As it is my turn to speak on this issue, I just want to quickly say that I think Mr. Rathgeber made some offensive comments about our study. He said in the mental health study that we travelled across the country, into Norway, into Britain, and “hither and thither and yon”. Actually, the committee went across this country and we went to Norway and Britain, and that was it. If he's suggesting that was not a wise use of resources of this committee, then it's certainly contrary to what his colleague just spent the last ten minutes prattling on about.
    I think it's offensive to regard the work of this committee on mental health as something that is put in nursery rhyme terms. It was a valuable study, and it certainly was a good use of our time.
    I also want to point out that we have time in June. I know the committee time has been allocated, but there are a few days still in June. The purpose of my motion would move things one day. This is a very important bill, Bill C-391. It deserves to have the full consideration of this committee. Mr. Comartin wants the opportunity to put some amendments forward. That was the spirit of my motion—to enable that to happen, so that this committee would be able to consider every conceivable aspect of the gun registry bill before a very important vote comes up in Parliament, and so that amendments would be put before this committee for all parliamentarians' consideration.
    I'll point out that I hear one of my friends interrupting me, and it makes it difficult to speak, but I will respond. He asked why he is not here. I've explained why he's not here to the chair, but I'll do it again here, as I did to Mr. MacKenzie. He's not here because he was called to a meeting of the Afghanistan committee. Mr. Comartin is our party's nominee, and that's going on right at this moment. I might also point out that Mr. Comartin also advises me that he sent this request to defer this one day to the government House leader, Jay Hill, who didn't even give the courtesy of a reply. That's why I'm bringing it up at the committee here, but if we want to get into that kind of politics, I'll bring that forward for the record so everybody can hear.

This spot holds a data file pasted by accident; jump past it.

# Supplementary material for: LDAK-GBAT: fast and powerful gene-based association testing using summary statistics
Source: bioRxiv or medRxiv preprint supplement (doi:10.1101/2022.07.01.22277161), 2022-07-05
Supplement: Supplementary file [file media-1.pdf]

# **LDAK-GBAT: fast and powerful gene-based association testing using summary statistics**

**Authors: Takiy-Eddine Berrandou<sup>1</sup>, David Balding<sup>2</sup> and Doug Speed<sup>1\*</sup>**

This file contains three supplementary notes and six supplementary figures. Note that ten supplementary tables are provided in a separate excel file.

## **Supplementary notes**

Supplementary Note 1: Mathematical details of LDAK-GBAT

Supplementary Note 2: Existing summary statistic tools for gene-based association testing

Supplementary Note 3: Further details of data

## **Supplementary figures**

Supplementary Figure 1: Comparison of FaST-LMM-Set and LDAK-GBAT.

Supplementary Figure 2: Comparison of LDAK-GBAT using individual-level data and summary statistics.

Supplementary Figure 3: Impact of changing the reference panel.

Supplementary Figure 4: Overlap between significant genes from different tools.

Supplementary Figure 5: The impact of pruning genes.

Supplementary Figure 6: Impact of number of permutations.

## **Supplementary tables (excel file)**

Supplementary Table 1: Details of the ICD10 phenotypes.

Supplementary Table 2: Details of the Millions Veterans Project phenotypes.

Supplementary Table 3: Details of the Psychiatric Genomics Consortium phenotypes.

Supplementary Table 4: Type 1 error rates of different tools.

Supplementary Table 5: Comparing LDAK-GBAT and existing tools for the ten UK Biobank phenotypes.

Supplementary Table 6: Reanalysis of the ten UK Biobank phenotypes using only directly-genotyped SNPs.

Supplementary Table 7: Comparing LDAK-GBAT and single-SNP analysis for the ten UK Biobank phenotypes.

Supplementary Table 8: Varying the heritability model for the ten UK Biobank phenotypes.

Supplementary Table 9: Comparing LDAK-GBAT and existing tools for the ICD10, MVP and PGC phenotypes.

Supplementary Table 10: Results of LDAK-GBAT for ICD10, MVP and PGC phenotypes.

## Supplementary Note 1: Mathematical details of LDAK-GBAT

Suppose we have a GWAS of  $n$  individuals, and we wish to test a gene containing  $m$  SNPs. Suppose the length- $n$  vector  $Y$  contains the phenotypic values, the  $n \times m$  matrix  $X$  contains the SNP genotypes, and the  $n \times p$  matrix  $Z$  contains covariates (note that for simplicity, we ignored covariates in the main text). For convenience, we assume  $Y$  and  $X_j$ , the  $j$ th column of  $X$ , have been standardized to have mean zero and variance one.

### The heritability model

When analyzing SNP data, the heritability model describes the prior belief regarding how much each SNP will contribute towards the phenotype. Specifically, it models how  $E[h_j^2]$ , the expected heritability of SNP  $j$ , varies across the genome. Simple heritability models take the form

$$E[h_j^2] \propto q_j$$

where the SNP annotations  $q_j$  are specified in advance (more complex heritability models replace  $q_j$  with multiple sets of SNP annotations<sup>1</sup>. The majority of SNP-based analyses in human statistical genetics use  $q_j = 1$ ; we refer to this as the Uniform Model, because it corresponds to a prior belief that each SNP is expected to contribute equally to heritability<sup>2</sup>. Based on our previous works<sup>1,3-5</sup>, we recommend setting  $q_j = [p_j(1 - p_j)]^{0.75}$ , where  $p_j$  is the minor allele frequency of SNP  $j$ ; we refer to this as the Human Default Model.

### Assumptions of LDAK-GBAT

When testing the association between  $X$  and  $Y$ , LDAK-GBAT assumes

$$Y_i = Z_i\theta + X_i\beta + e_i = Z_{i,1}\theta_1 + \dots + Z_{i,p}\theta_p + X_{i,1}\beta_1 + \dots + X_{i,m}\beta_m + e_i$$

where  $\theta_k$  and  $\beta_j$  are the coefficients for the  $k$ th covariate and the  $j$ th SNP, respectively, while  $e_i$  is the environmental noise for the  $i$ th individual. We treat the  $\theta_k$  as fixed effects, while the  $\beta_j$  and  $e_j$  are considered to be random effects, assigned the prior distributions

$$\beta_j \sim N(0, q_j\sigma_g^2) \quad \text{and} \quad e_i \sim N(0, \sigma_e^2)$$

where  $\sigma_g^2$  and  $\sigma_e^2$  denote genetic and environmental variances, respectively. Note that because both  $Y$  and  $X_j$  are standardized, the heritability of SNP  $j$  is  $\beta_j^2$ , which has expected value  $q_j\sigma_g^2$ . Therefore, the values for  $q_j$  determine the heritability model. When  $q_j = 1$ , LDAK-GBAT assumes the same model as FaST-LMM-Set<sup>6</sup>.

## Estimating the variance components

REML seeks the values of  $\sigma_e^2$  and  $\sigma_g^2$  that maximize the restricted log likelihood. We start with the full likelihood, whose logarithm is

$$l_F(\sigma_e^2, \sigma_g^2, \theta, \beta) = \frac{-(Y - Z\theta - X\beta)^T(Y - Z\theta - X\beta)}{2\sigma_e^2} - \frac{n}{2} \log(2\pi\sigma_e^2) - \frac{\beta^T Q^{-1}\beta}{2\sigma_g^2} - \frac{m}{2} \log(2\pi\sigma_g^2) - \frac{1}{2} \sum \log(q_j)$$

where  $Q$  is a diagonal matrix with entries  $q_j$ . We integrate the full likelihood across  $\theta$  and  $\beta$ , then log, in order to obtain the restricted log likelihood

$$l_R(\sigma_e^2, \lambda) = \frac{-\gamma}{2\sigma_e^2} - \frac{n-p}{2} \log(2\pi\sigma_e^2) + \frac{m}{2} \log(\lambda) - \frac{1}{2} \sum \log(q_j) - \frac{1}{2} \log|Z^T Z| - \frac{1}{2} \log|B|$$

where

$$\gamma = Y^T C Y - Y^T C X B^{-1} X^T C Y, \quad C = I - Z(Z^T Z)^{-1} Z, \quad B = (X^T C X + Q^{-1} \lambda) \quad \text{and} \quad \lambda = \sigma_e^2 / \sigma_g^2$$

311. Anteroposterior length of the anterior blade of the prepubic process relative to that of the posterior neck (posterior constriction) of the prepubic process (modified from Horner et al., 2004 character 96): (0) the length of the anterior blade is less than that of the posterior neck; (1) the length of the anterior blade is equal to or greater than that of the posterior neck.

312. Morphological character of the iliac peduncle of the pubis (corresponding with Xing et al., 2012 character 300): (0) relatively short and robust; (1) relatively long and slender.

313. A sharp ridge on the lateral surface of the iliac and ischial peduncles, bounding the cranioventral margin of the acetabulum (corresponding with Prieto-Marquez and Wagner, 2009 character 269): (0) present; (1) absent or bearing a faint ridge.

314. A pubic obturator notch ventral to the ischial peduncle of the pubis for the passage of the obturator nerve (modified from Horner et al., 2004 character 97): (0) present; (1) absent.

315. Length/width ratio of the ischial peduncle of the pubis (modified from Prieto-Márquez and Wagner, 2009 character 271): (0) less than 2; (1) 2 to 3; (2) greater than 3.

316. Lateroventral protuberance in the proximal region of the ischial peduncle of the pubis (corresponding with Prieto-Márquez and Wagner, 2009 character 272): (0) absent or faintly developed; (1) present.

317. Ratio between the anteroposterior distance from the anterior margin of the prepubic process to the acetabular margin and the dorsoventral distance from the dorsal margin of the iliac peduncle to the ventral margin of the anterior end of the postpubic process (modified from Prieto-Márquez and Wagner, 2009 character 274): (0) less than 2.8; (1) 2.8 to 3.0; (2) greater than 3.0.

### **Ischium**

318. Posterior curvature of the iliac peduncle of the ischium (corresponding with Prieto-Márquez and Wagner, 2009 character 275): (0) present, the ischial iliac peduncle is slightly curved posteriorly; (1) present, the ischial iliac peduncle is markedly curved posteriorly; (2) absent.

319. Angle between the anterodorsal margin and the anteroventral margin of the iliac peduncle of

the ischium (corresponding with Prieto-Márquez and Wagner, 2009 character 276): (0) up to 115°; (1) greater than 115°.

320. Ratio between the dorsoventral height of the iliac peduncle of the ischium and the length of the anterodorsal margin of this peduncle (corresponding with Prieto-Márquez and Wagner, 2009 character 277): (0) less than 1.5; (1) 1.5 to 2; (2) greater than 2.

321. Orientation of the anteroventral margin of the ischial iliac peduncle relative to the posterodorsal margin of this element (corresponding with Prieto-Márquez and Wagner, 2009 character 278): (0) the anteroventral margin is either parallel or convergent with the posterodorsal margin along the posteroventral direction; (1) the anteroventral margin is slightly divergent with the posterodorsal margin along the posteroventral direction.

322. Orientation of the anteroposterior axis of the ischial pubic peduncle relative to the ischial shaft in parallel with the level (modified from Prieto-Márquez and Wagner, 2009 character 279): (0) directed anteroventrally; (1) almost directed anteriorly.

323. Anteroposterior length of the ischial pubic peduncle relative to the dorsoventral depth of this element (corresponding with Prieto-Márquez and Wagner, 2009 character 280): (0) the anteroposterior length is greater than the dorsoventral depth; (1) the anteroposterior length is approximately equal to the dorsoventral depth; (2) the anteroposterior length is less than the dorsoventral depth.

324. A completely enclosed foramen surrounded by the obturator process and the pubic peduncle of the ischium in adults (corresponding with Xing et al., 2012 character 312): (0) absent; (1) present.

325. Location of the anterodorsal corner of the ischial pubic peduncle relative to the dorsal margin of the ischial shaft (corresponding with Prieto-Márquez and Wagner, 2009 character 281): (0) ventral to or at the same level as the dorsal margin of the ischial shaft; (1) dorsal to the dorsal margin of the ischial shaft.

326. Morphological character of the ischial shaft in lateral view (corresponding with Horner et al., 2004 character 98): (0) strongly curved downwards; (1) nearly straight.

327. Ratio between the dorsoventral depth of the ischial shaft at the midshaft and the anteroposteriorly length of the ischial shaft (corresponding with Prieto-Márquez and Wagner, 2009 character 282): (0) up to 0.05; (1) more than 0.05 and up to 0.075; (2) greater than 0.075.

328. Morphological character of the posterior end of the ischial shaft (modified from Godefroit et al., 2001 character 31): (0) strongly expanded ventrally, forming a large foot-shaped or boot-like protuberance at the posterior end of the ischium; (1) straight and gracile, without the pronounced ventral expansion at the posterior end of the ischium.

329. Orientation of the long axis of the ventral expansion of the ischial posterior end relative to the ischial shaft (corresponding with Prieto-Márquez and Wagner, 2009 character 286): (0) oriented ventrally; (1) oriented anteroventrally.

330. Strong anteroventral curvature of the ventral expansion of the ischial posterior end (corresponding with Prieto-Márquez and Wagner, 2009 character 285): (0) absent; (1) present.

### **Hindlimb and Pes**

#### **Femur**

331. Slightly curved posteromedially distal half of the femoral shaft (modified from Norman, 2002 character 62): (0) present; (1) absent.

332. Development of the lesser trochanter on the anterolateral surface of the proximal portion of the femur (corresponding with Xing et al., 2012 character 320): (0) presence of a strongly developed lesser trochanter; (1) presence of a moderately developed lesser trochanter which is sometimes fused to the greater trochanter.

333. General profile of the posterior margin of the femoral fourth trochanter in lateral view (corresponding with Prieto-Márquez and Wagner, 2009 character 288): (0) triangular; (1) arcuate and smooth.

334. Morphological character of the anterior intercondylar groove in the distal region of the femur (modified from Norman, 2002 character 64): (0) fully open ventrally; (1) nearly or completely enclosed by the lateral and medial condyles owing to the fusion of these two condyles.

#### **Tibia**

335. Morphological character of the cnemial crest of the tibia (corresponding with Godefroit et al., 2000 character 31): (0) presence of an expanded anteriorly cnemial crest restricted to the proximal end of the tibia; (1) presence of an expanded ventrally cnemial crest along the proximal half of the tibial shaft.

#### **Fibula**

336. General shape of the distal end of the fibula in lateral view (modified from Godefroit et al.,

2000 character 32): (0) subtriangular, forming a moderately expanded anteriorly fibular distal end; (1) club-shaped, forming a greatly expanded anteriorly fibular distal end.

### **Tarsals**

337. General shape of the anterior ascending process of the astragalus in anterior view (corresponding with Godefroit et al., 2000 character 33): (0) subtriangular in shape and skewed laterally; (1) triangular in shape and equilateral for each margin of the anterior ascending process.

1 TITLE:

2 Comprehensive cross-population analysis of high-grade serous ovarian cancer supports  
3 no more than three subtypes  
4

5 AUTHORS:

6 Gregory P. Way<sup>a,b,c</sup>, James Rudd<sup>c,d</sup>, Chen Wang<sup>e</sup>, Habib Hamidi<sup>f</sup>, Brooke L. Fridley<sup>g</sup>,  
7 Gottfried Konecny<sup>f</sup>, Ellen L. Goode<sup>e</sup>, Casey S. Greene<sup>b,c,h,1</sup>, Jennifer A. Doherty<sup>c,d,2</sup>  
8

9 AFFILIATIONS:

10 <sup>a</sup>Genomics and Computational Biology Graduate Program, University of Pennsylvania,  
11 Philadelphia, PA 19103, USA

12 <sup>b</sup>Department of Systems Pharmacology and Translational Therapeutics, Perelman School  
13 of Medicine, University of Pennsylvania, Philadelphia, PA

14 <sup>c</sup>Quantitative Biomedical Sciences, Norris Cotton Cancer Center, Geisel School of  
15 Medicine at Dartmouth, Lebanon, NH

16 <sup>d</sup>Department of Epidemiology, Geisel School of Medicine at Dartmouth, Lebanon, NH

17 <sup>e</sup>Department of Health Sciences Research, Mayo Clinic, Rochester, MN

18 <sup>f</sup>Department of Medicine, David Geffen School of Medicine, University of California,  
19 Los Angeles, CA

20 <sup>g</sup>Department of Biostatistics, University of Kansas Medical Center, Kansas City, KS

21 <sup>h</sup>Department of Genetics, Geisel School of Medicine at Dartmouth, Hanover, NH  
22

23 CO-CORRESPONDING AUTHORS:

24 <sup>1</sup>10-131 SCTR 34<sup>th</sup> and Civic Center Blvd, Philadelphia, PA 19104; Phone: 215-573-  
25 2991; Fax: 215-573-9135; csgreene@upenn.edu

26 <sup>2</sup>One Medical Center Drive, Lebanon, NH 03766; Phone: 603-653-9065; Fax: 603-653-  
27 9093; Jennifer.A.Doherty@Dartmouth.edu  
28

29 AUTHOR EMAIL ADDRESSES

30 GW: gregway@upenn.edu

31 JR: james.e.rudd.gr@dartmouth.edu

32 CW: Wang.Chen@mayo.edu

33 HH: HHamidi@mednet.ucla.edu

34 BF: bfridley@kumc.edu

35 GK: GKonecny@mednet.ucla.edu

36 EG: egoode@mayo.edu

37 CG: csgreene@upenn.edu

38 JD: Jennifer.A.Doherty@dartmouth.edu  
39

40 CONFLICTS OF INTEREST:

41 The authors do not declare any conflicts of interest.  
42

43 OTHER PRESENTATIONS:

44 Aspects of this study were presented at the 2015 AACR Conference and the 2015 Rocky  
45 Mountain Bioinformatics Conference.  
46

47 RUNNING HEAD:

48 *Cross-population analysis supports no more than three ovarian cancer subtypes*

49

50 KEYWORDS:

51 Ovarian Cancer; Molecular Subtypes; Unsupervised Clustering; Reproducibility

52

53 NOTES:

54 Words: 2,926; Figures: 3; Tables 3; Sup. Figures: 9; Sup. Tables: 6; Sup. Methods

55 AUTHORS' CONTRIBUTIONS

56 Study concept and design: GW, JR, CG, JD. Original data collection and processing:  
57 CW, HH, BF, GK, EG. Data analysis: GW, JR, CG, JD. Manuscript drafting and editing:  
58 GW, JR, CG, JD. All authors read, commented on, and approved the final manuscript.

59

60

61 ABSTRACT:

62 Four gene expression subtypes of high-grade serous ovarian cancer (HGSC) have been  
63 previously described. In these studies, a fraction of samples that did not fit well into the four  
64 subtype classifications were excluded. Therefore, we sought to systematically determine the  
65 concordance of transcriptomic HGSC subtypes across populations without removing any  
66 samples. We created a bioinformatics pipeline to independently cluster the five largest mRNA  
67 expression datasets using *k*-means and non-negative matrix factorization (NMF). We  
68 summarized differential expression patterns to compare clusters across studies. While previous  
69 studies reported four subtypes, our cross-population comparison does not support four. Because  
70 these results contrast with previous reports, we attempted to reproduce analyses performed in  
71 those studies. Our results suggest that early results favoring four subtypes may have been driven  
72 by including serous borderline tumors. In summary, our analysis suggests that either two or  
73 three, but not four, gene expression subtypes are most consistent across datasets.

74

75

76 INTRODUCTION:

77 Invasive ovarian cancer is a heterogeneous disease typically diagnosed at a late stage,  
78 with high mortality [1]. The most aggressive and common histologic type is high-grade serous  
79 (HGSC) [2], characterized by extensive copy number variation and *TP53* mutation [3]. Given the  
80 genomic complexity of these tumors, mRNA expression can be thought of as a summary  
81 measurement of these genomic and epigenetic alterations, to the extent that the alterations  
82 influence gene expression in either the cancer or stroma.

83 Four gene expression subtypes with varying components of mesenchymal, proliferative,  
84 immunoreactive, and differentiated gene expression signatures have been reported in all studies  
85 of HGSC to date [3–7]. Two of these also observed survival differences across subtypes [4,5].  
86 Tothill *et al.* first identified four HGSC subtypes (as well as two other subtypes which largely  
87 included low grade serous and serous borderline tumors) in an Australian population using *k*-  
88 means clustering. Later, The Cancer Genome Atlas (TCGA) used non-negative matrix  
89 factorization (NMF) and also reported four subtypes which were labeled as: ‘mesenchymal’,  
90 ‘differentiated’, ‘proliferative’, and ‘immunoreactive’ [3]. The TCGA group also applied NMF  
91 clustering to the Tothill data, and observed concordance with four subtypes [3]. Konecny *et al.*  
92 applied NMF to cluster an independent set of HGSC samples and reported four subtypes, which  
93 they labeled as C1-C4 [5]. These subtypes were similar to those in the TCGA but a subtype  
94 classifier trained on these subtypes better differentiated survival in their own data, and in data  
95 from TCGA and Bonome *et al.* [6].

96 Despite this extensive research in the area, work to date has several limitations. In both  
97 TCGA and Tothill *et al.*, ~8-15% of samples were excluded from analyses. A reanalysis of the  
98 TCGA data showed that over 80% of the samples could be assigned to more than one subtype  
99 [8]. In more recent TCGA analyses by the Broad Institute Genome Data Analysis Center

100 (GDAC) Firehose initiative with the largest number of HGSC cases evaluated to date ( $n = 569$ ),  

As well, I would point out that I did talk to the chairman, I talked to the government leader on this committee, and I talked to all the other leaders. Frankly, before I moved this motion I thought I had the agreement of everybody on this. Apparently we don't. This is what I have to say on this subject.
    In terms of the mental health committee study, of course I think we're all in agreement that it's a very important thing, and I think we can get that done by the end of the summer. I don't think one day is going to make that much of a difference on it. That's what I wanted to say to the substance of the matter.
    I'm awaiting instructions from Mr. Comartin right now. I'll certainly be able to advise the chairman right away if there's a way I can get this out of the way and move the committee business forward.

  (1605)  

     Thank you.
    Next we have Mr. Holland, Ms. Hoeppner, Mr. McColeman, Ms. Mourani, and Mr. MacKenzie.
    Mr. Holland, please.
    Thank you, Mr. Chair.
    I think I have a solution. What I would suggest.... I'm happy to just deal with this on Thursday. Given the fact that the committee is concerned about other business on the table, we could deal with it on Thursday with no time limit. In other words, the committee would continue sitting until such time as we were done with the bill.
    I'll move that as a motion, first of all, that we deal with it Thursday with no time limit.